Mindfulness seems like one of those buzzwords everyone seems to use, alongside “smart”, “green”, “bio”, “creativity” and so on. However, mindfulness is much more than just a word, this is a way of life. Mindfulness trains resilience, offers you better insights about your own choices and in general allows you to make much more “dear” choices. By “dear” I mean choices which truly resonate with you and inspire you to move on and achieve your goals. It reduces anxiety, improves mental health and significantly encourages optimism. Thus, mindfulness matters and benefits you in many ways. Which is more, it can bring a lot of benefits also to your little ones.This is exactly what I would like to talk about in this short post.
To begin with, when is the right moment to start? I truly believe that the earlier the better, yet realistically speaking, the moment would be somewhat around the age of four. This is when I see a lot of value for a kid to learn to articulate her emotions and to learn to understand (and name) her feelings.
Just a couple of days ago our daughter was crying desperately because she fell and she hurt herself and then on top her favourite “lipstick” was gone, and all those “horrible things” happened almost at the same time. The point was: she got herself into a hysterical state and when a kid (actually any person!) is in such a state you cannot just stop crying on demand! That’s physically impossible. Our daughter wanted to stop crying. She even got angry at herself that tears still kept on rolling down her cheeks. She said that out loud! And that is what I really liked – the fact that she realized she needed to stop, but she couldn’t because in her own words:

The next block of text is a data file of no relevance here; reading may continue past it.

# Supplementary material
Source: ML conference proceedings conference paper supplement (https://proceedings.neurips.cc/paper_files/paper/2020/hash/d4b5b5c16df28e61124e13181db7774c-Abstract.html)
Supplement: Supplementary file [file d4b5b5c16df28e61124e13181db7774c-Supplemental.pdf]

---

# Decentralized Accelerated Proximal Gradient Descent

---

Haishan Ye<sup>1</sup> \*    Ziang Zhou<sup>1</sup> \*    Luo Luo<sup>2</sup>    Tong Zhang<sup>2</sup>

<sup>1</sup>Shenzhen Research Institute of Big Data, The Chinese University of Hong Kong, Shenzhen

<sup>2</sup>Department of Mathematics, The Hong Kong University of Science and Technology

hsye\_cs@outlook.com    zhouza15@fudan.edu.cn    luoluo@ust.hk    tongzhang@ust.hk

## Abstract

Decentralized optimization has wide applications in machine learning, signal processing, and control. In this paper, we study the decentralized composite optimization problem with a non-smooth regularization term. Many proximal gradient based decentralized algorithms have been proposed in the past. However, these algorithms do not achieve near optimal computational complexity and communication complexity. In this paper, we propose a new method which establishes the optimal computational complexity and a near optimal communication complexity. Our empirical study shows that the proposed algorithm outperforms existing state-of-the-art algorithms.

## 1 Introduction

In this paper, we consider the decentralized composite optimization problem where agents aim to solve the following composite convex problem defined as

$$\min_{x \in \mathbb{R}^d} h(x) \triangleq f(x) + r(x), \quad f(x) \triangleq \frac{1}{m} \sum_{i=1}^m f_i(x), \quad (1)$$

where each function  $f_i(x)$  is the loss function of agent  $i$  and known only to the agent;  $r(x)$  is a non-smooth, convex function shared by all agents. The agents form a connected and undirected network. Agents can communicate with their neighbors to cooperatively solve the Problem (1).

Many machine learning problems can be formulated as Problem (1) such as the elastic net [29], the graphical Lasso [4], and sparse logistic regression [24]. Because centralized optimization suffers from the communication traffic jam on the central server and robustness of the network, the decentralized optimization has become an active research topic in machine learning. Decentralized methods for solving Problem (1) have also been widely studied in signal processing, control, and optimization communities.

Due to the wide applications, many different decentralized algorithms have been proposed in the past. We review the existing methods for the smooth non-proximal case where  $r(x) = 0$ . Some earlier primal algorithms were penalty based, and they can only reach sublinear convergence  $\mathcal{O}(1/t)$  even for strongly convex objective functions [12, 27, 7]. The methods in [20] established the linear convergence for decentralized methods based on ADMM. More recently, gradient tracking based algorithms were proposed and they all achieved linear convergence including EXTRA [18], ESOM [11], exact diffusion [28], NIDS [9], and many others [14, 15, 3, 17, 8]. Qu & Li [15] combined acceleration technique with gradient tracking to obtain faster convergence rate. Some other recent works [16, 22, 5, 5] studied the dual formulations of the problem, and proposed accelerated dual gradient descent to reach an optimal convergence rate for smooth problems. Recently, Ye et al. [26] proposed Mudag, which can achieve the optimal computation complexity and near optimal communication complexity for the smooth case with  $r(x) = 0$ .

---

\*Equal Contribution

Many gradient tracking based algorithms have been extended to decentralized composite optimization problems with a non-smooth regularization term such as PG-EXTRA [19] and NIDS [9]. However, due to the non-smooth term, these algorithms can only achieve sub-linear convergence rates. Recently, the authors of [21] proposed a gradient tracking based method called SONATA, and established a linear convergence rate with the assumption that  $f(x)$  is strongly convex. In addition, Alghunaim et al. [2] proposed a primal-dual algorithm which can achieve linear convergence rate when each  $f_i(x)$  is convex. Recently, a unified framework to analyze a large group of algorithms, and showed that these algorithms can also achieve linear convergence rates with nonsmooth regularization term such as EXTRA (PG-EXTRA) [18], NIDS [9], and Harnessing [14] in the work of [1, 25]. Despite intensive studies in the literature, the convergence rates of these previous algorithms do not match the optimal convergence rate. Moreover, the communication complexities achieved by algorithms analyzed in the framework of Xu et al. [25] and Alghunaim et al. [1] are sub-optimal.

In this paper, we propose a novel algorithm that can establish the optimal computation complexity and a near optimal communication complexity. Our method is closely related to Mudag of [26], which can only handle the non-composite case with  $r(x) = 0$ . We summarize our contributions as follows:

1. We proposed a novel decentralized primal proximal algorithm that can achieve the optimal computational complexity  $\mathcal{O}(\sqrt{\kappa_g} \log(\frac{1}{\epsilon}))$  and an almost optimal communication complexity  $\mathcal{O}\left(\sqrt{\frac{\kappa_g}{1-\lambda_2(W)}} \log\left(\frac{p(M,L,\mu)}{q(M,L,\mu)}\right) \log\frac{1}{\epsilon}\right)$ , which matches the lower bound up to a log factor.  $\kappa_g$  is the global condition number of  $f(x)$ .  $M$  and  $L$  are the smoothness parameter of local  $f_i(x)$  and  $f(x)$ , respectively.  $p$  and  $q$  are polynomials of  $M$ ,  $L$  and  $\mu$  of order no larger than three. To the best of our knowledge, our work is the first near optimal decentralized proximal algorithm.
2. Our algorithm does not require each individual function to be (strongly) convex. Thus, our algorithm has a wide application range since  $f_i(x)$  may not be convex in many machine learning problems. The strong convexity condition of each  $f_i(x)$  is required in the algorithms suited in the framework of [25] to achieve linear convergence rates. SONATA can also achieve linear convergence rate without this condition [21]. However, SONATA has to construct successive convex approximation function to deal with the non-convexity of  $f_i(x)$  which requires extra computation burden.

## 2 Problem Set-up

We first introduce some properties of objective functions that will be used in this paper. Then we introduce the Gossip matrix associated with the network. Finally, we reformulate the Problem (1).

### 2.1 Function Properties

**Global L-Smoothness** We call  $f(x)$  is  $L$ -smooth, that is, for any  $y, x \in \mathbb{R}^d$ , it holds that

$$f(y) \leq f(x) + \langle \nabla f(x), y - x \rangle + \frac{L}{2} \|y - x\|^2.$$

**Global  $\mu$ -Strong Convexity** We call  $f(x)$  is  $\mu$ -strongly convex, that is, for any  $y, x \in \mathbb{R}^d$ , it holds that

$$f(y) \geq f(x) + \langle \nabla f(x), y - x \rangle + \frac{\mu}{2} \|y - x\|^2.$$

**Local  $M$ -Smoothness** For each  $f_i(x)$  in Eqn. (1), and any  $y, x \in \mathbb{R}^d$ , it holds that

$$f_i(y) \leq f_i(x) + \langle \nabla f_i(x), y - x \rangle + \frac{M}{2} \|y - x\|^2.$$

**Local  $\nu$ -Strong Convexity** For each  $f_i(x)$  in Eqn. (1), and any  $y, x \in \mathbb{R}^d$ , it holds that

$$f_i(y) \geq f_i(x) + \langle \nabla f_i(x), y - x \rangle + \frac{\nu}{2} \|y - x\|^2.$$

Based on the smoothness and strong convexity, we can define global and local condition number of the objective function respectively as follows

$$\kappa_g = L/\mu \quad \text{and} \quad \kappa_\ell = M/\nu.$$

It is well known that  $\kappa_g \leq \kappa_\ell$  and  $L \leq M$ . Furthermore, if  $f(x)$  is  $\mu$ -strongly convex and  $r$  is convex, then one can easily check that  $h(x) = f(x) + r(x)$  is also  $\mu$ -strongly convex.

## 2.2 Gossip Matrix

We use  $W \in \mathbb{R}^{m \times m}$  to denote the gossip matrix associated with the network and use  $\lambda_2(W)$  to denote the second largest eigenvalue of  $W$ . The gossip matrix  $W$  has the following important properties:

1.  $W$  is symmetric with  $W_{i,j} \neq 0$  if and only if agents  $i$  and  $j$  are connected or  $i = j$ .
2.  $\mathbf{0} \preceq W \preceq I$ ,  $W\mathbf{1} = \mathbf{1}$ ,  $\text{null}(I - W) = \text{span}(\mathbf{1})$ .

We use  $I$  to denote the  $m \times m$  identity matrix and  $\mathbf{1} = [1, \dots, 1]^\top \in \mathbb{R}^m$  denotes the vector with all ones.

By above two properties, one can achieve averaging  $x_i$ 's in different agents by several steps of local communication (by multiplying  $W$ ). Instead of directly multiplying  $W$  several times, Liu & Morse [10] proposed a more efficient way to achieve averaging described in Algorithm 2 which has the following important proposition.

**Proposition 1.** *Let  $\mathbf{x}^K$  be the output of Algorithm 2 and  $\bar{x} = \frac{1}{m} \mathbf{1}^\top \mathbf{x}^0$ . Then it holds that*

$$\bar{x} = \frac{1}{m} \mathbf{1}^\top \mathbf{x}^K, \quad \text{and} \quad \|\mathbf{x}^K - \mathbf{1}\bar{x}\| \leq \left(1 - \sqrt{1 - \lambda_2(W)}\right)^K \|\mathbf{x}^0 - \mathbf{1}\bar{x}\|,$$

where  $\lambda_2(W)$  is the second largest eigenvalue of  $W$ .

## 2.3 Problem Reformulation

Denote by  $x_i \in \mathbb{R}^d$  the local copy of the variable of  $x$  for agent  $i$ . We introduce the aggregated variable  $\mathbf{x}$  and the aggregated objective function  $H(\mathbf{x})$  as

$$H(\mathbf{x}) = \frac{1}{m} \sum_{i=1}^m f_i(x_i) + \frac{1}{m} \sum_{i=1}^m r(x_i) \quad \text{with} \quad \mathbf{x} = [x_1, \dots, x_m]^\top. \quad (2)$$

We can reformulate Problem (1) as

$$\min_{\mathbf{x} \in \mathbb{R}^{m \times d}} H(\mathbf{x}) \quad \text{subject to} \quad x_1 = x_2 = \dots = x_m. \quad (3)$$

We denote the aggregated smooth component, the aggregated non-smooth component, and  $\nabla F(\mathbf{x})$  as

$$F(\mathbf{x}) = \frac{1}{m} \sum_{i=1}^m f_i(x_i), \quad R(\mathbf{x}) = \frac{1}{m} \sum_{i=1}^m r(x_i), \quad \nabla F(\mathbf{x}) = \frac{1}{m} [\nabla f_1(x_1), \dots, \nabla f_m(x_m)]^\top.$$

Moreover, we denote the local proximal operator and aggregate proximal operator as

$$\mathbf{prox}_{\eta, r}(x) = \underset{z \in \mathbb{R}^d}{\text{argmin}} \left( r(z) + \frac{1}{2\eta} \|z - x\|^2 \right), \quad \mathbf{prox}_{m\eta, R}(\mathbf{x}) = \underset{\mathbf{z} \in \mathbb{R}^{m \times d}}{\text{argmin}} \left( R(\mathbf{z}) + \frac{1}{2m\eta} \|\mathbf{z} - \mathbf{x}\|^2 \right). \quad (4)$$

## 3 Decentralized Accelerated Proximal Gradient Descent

“my brain doesn’t allow me, because my brain is so sad; and those tears – they just run down! I am angry that they run down!”.
She named her state and she named what was happening to her. She is 4 years and 3 months at this moment! Great job! It took me much longer to learn that skill for myself!
Actually, in general I find it very important and very valuable when she expresses not only what she feels, but also what exactly makes her sad or what irritates her. There is still a lot to learn and a lot of moments to work on. Yet, I truly believe she is on a perfect track.
When browsing through psychology resources online, I found several good exercises to do with kids to improve their mindfulness. Those are:
- teach a kid to identify smell, notice it, describe it, define if it is a pleasant smell or not and why? Same with taste.
- teach a kid to listen to her own heartbeat (could be combined with learning to meditate, by the way)
- teach a kid to notice certain sensations and, like, really: pause, name, describe.
- another truly good one – the so-called “buddy-breathing”, when you put a toy on kid’s belly and then ask a kid to breathe and notice how a toy is moving up and down with the breath (also good in meditation context).
All that helps a kid to truly connect with her own body and mind and through that also connect with the world. In the end mindfulness is all about understanding and connection, while understanding and connection start within.
To draw the line, the earlier kids learn to practice mindfulness, the easier it will be for them to deal with anxiety, conflicts, to understand their own way and make their own choices. And yes, if you don’t practice it yourself… – the best moment was twenty years ago, yet the next best moment is – right now.
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